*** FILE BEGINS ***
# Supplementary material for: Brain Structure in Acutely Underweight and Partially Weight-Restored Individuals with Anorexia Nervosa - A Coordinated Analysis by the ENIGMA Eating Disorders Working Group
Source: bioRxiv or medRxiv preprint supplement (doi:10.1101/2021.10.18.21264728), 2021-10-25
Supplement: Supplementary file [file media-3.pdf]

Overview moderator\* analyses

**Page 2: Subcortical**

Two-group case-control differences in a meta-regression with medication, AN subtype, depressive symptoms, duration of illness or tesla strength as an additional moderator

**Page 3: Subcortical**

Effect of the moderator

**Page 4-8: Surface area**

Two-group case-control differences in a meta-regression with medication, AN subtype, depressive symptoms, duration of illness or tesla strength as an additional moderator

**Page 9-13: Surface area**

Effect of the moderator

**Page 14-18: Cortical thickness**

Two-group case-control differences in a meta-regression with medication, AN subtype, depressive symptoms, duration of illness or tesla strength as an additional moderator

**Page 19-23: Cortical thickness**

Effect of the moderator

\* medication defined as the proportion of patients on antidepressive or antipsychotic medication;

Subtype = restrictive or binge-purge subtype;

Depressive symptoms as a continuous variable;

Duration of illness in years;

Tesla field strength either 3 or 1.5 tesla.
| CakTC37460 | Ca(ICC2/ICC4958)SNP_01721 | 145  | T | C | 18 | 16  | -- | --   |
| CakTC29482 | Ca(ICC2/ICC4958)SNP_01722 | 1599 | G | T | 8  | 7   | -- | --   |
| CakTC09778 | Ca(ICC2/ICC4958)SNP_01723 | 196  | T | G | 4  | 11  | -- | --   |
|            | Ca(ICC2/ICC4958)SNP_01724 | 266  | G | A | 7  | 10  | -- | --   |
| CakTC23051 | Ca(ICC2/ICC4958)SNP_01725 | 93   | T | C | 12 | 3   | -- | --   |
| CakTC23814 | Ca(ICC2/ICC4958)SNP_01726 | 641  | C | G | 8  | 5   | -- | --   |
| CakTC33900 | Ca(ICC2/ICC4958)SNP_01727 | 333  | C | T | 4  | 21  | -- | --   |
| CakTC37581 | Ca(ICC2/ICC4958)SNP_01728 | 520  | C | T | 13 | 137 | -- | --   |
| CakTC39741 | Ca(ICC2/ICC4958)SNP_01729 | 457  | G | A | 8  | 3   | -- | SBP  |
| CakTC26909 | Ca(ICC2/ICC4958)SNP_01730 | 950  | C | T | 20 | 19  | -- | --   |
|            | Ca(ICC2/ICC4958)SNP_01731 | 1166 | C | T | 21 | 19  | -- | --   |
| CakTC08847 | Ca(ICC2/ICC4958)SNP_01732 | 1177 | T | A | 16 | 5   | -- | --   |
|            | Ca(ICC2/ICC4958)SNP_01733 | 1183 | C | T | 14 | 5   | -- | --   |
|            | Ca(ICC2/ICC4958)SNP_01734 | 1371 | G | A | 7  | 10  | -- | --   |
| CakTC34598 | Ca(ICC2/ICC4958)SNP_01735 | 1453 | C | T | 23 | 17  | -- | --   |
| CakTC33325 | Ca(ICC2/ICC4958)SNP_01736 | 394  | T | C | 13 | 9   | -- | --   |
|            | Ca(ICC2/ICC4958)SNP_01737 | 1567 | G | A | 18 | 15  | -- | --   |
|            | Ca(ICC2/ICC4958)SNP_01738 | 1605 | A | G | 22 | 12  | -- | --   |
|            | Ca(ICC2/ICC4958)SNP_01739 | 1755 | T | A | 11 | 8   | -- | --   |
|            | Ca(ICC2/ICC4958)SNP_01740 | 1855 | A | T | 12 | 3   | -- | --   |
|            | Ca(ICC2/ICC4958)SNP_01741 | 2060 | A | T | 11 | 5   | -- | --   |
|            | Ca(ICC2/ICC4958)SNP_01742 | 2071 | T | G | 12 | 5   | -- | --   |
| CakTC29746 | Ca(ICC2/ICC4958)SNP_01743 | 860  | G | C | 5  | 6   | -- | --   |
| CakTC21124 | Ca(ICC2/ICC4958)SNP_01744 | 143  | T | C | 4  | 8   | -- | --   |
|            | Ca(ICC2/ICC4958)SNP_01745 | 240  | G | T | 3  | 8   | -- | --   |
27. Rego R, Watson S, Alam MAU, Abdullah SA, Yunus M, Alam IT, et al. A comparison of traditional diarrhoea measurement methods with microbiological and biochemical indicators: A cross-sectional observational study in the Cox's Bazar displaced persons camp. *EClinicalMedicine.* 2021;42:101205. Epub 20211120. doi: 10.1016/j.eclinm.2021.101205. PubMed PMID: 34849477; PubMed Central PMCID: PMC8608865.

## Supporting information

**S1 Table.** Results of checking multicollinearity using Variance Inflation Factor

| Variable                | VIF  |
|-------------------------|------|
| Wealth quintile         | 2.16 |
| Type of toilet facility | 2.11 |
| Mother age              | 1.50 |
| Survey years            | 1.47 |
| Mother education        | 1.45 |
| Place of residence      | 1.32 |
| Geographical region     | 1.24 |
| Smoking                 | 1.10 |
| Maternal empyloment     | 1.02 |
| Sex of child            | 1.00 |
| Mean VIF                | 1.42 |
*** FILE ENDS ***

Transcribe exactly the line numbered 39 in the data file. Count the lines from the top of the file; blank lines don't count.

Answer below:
|            | Ca(ICC2/ICC4958)SNP_01738 | 1605 | A | G | 22 | 12  | -- | --   |